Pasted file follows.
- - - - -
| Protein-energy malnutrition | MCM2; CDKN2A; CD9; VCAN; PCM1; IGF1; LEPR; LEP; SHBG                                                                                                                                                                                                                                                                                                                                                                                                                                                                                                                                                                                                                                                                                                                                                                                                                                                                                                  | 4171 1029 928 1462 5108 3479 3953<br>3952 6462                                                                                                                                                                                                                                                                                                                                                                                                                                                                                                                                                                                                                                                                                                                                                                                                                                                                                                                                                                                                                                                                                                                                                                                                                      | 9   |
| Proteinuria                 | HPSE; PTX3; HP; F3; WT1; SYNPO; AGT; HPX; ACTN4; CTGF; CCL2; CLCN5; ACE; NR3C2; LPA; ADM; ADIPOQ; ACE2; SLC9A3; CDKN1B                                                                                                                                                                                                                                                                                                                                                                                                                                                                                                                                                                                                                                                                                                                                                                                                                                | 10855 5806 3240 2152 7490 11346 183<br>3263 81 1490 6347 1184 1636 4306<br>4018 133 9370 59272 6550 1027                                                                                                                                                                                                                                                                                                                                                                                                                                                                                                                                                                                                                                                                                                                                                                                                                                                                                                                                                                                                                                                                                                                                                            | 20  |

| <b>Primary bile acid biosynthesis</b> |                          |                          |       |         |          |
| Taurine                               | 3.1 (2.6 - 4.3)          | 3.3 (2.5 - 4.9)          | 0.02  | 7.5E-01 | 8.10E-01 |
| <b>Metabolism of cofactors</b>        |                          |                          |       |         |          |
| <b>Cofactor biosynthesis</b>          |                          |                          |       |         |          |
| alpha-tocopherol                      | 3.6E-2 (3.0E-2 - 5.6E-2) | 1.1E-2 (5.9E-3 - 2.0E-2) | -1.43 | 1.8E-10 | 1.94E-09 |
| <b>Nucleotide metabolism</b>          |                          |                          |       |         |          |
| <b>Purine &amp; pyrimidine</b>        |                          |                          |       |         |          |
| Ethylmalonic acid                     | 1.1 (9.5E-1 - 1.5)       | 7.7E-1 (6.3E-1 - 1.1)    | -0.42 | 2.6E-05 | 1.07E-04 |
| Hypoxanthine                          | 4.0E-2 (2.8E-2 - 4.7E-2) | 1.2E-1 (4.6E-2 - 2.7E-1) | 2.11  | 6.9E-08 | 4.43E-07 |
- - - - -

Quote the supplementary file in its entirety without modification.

| Protein-energy malnutrition | MCM2; CDKN2A; CD9; VCAN; PCM1; IGF1; LEPR; LEP; SHBG                                                                                                                                                                                                                                                                                                                                                                                                                                                                                                                                                                                                                                                                                                                                                                                                                                                                                                  | 4171 1029 928 1462 5108 3479 3953<br>3952 6462                                                                                                                                                                                                                                                                                                                                                                                                                                                                                                                                                                                                                                                                                                                                                                                                                                                                                                                                                                                                                                                                                                                                                                                                                      | 9   |
| Proteinuria                 | HPSE; PTX3; HP; F3; WT1; SYNPO; AGT; HPX; ACTN4; CTGF; CCL2; CLCN5; ACE; NR3C2; LPA; ADM; ADIPOQ; ACE2; SLC9A3; CDKN1B                                                                                                                                                                                                                                                                                                                                                                                                                                                                                                                                                                                                                                                                                                                                                                                                                                | 10855 5806 3240 2152 7490 11346 183<br>3263 81 1490 6347 1184 1636 4306<br>4018 133 9370 59272 6550 1027                                                                                                                                                                                                                                                                                                                                                                                                                                                                                                                                                                                                                                                                                                                                                                                                                                                                                                                                                                                                                                                                                                                                                            | 20  |

| <b>Primary bile acid biosynthesis</b> |                          |                          |       |         |          |
| Taurine                               | 3.1 (2.6 - 4.3)          | 3.3 (2.5 - 4.9)          | 0.02  | 7.5E-01 | 8.10E-01 |
| <b>Metabolism of cofactors</b>        |                          |                          |       |         |          |
| <b>Cofactor biosynthesis</b>          |                          |                          |       |         |          |
| alpha-tocopherol                      | 3.6E-2 (3.0E-2 - 5.6E-2) | 1.1E-2 (5.9E-3 - 2.0E-2) | -1.43 | 1.8E-10 | 1.94E-09 |
| <b>Nucleotide metabolism</b>          |                          |                          |       |         |          |
| <b>Purine &amp; pyrimidine</b>        |                          |                          |       |         |          |
| Ethylmalonic acid                     | 1.1 (9.5E-1 - 1.5)       | 7.7E-1 (6.3E-1 - 1.1)    | -0.42 | 2.6E-05 | 1.07E-04 |
| Hypoxanthine                          | 4.0E-2 (2.8E-2 - 4.7E-2) | 1.2E-1 (4.6E-2 - 2.7E-1) | 2.11  | 6.9E-08 | 4.43E-07 |